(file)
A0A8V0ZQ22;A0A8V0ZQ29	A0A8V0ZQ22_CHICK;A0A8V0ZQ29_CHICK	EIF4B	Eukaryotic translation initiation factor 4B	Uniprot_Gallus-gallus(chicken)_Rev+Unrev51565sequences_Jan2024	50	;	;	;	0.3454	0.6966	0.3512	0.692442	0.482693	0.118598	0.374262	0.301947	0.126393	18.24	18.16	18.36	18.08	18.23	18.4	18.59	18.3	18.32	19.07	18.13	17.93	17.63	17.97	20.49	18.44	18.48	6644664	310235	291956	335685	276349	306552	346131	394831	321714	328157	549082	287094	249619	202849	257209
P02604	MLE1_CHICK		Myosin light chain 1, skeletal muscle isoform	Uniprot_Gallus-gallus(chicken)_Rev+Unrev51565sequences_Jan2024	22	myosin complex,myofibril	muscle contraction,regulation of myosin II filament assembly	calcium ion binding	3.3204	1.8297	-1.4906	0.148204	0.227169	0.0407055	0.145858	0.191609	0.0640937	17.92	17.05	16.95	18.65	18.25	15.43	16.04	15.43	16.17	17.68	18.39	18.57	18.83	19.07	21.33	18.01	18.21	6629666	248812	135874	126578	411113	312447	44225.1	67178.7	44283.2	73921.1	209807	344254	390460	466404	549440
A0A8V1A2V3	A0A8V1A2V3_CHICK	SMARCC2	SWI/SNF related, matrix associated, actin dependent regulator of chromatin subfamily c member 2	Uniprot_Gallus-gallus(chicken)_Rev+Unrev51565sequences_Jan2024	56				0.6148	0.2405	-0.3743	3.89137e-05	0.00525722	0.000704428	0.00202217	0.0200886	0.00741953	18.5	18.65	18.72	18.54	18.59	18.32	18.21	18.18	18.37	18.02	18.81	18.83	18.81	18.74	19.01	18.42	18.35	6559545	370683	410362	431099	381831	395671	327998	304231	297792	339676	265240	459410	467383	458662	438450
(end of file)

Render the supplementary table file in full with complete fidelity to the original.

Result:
A0A8V0ZQ22;A0A8V0ZQ29	A0A8V0ZQ22_CHICK;A0A8V0ZQ29_CHICK	EIF4B	Eukaryotic translation initiation factor 4B	Uniprot_Gallus-gallus(chicken)_Rev+Unrev51565sequences_Jan2024	50	;	;	;	0.3454	0.6966	0.3512	0.692442	0.482693	0.118598	0.374262	0.301947	0.126393	18.24	18.16	18.36	18.08	18.23	18.4	18.59	18.3	18.32	19.07	18.13	17.93	17.63	17.97	20.49	18.44	18.48	6644664	310235	291956	335685	276349	306552	346131	394831	321714	328157	549082	287094	249619	202849	257209
P02604	MLE1_CHICK		Myosin light chain 1, skeletal muscle isoform	Uniprot_Gallus-gallus(chicken)_Rev+Unrev51565sequences_Jan2024	22	myosin complex,myofibril	muscle contraction,regulation of myosin II filament assembly	calcium ion binding	3.3204	1.8297	-1.4906	0.148204	0.227169	0.0407055	0.145858	0.191609	0.0640937	17.92	17.05	16.95	18.65	18.25	15.43	16.04	15.43	16.17	17.68	18.39	18.57	18.83	19.07	21.33	18.01	18.21	6629666	248812	135874	126578	411113	312447	44225.1	67178.7	44283.2	73921.1	209807	344254	390460	466404	549440
A0A8V1A2V3	A0A8V1A2V3_CHICK	SMARCC2	SWI/SNF related, matrix associated, actin dependent regulator of chromatin subfamily c member 2	Uniprot_Gallus-gallus(chicken)_Rev+Unrev51565sequences_Jan2024	56				0.6148	0.2405	-0.3743	3.89137e-05	0.00525722	0.000704428	0.00202217	0.0200886	0.00741953	18.5	18.65	18.72	18.54	18.59	18.32	18.21	18.18	18.37	18.02	18.81	18.83	18.81	18.74	19.01	18.42	18.35	6559545	370683	410362	431099	381831	395671	327998	304231	297792	339676	265240	459410	467383	458662	438450